A map of the Upper Nene showing where habitat creation would meet multiple opportunities (e.g. for biodiversity and water quality).

The different opportunity areas vary in their geographic location; the greatest opportunities for reducing water flow are situated to the west of the study area on hillier terrain, whereas water quality opportunities tend to be adjacent to water courses. Air quality and accessible green space opportunities are focussed in and around the major towns. 

Broadleaved and mixed woodland biodiversity enhancement is centred around Rockingham and Salcey Forests. The wet grassland and wetlands are focussed on the floodplain of the Middle Nene, whereas opportunities for semi-natural grassland are more spread throughout the area.

In addition to mapping individual opportunities, maps were also combined to highlight opportunities to enhance multiple services simultaneously. Planting woodland and trees, in particular, provides opportunities to deliver multiple benefits (such as reducing surface water runoff and improving air quality). Key locations for delivering these multiple benefits were around the edges of the major towns. Maps showing the combined opportunities for new semi-natural grasslands, and new wet grassland and wetlands were also produced.

Rebuilding biodiversity in Bedfordshire

In Bedfordshire, the Wildlife Trust and Bedfordshire and Luton Biodiversity Recording and Monitoring Centre advised on a Green Infrastructure Plan to provide the foundation for developing sustainable communities across the region.

With the county’s population set to grow significantly, the plan is part of an effort to ensure our environment is protected and sustained for current and future generations to enjoy. Linking with similar plans in adjacent counties, the plan is designed to help create sustainable communities, well served by greenspaces and green routes with access to the countryside on the doorstep.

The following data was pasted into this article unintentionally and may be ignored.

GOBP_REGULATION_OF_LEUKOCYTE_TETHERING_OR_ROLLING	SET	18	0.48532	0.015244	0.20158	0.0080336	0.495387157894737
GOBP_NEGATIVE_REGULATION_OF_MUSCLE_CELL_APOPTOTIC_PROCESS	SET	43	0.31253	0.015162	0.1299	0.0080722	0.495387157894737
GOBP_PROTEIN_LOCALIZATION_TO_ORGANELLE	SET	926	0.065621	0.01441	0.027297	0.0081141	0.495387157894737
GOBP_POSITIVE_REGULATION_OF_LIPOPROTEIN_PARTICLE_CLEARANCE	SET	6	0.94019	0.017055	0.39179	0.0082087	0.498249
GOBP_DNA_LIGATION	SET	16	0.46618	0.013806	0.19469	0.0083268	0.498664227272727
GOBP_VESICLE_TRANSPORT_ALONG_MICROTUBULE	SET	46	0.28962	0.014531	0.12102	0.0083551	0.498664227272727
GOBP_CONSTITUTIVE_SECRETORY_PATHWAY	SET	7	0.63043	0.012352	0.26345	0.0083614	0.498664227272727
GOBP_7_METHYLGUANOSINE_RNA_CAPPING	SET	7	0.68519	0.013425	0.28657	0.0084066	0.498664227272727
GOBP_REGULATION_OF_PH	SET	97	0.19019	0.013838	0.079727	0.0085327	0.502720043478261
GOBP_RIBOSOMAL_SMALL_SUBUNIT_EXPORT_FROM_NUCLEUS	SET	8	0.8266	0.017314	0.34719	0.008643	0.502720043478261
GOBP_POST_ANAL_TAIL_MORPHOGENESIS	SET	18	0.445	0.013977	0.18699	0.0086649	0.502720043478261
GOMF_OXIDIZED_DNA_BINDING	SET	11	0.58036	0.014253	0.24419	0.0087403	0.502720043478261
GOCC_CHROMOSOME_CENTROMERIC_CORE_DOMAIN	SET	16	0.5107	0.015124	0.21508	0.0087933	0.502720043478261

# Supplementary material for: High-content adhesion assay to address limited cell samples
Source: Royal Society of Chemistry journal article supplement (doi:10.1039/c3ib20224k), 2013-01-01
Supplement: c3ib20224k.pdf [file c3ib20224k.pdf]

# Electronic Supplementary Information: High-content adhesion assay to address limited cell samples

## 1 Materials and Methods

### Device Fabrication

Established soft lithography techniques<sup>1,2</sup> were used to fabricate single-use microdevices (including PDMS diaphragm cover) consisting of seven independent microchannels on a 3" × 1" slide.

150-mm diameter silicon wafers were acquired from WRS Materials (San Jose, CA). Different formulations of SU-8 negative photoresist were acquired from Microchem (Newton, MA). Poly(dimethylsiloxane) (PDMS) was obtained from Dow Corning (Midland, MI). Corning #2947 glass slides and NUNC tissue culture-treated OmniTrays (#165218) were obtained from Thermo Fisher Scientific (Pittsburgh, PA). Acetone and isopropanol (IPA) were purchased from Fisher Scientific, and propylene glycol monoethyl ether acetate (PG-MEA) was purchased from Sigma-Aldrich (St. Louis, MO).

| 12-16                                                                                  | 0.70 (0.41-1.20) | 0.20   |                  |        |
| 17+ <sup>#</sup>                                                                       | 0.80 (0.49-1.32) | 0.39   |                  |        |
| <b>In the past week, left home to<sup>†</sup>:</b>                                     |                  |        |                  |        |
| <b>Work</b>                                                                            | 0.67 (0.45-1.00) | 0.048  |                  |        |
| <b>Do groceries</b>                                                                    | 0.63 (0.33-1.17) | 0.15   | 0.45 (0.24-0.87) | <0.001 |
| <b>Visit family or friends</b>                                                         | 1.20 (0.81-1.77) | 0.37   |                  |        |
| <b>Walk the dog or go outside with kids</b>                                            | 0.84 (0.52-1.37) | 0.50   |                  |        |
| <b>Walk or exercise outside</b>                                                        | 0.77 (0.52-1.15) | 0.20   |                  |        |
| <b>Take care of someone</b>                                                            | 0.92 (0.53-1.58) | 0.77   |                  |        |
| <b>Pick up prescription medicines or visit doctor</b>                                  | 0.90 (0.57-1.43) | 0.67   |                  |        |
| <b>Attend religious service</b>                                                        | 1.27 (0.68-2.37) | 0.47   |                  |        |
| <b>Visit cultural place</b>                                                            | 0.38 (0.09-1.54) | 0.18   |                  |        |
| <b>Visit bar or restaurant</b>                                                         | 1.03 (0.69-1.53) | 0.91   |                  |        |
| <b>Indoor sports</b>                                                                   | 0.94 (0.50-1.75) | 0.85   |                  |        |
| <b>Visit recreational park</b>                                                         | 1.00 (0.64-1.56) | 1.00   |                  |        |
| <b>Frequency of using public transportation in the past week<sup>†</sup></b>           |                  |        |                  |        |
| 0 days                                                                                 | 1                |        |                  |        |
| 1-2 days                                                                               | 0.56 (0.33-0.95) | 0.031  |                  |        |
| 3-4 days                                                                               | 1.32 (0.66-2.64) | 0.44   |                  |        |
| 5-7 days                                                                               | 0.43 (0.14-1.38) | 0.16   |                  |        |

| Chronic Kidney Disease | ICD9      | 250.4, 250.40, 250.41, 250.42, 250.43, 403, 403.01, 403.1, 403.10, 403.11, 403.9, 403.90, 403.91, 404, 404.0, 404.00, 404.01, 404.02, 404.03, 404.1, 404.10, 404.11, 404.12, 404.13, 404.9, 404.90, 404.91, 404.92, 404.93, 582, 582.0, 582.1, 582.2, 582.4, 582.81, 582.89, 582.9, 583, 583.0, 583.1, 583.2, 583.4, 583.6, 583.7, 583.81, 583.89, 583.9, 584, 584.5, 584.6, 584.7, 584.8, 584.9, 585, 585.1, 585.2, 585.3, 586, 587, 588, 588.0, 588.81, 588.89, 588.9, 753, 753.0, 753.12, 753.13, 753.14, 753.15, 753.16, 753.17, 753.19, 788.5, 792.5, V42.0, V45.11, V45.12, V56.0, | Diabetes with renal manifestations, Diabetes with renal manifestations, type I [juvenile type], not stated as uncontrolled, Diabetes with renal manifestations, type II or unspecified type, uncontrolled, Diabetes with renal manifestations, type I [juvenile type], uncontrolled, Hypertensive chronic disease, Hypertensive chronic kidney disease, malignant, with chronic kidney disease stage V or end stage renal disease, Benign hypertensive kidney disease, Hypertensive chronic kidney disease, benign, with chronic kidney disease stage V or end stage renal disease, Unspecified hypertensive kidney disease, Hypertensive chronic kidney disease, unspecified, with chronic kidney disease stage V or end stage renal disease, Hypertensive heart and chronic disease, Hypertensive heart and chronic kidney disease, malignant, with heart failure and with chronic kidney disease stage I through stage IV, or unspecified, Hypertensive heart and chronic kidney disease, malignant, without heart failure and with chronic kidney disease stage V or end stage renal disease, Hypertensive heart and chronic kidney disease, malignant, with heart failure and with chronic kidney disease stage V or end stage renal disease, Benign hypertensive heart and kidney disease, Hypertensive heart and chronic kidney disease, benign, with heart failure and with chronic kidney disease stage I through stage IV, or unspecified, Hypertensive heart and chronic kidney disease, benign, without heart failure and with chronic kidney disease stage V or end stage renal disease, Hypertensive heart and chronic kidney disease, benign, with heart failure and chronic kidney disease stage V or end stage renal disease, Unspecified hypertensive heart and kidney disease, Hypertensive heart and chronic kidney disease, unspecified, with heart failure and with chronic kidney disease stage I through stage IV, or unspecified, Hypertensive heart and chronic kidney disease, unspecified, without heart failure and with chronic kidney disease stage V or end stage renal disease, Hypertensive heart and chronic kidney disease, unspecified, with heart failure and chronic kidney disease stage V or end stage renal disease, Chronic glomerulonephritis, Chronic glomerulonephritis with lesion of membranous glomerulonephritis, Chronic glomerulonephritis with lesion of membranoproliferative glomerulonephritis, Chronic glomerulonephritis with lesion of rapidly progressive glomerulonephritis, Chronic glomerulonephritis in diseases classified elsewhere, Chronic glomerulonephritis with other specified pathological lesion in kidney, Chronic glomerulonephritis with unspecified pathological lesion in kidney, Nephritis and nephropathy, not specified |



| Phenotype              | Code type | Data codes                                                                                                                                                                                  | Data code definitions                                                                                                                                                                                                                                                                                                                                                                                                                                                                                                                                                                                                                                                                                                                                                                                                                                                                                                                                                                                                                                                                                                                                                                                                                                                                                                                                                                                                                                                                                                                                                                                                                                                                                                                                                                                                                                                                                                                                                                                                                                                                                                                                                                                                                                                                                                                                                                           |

It is a local demonstration of exactly the sort of work that can be called upon, and built upon, to create a nationwide Nature Recovery Network that is backed up by an Environment Act that ensures organisations and government are legally obliged to ensure it happens.

The vision for Bedford and Luton

The vision is to create a high quality green network across the county for people, places and wildlife, delivering a comprehensive strategic network of multi-functional greenspace and linking corridors.

A number of organisations joined forces to detail the county’s existing green assets and access routes and set out how these assets might be enhanced - and where the creation of new green spaces might best be targeted for the benefit of wildlife and people.

The plan is designed to help shape the county’s future, alongside and integrated with aspirations for housing, transport, employment and economic growth.

What's been mapped

As well as mapping existing green spaces ranging from Sites of Special Scientific Interest to hedgerows, ditches and disused railways, the map also shows a wide range of opportunities for action to enhance the following aspects of our green infrastructure:

  • Landscape – conservation and enhancement of important landscapes
  • Biodiversity – new habitat creation alongside enhancement and better linkages for wildlife
  • Historic environment – improved management, public access and interpretation of heritage assets
  • Access routes – improved connections across the county for walkers, cyclists and horseriders
  • Accessible greenspace – enhancement of key sites and greenspace creation in areas of deficit